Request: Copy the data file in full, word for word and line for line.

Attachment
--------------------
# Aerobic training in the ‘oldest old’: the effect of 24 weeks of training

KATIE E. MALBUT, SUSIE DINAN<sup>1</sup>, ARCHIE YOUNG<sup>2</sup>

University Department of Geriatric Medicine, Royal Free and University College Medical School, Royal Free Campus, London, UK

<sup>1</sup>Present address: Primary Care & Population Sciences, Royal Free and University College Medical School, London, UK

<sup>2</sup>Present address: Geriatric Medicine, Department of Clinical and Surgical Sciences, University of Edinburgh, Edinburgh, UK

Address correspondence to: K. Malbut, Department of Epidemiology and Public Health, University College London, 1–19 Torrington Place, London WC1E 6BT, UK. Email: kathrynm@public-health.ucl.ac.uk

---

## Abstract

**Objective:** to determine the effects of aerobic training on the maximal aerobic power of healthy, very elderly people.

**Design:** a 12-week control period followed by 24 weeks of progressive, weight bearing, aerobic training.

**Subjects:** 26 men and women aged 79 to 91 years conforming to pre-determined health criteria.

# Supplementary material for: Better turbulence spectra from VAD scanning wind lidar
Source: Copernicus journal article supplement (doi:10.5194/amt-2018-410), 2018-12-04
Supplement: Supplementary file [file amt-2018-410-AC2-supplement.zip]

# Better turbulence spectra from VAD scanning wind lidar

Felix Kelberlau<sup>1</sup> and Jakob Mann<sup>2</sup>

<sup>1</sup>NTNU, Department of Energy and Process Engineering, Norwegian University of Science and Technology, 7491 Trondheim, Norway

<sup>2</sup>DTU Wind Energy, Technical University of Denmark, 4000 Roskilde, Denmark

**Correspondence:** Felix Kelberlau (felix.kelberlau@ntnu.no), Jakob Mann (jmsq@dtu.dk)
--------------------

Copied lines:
# Aerobic training in the ‘oldest old’: the effect of 24 weeks of training

KATIE E. MALBUT, SUSIE DINAN<sup>1</sup>, ARCHIE YOUNG<sup>2</sup>

University Department of Geriatric Medicine, Royal Free and University College Medical School, Royal Free Campus, London, UK

<sup>1</sup>Present address: Primary Care & Population Sciences, Royal Free and University College Medical School, London, UK

<sup>2</sup>Present address: Geriatric Medicine, Department of Clinical and Surgical Sciences, University of Edinburgh, Edinburgh, UK

Address correspondence to: K. Malbut, Department of Epidemiology and Public Health, University College London, 1–19 Torrington Place, London WC1E 6BT, UK. Email: kathrynm@public-health.ucl.ac.uk

---

## Abstract

**Objective:** to determine the effects of aerobic training on the maximal aerobic power of healthy, very elderly people.

**Design:** a 12-week control period followed by 24 weeks of progressive, weight bearing, aerobic training.

**Subjects:** 26 men and women aged 79 to 91 years conforming to pre-determined health criteria.

# Supplementary material for: Better turbulence spectra from VAD scanning wind lidar
Source: Copernicus journal article supplement (doi:10.5194/amt-2018-410), 2018-12-04
Supplement: Supplementary file [file amt-2018-410-AC2-supplement.zip]

# Better turbulence spectra from VAD scanning wind lidar

Felix Kelberlau<sup>1</sup> and Jakob Mann<sup>2</sup>

<sup>1</sup>NTNU, Department of Energy and Process Engineering, Norwegian University of Science and Technology, 7491 Trondheim, Norway

<sup>2</sup>DTU Wind Energy, Technical University of Denmark, 4000 Roskilde, Denmark

**Correspondence:** Felix Kelberlau (felix.kelberlau@ntnu.no), Jakob Mann (jmsq@dtu.dk)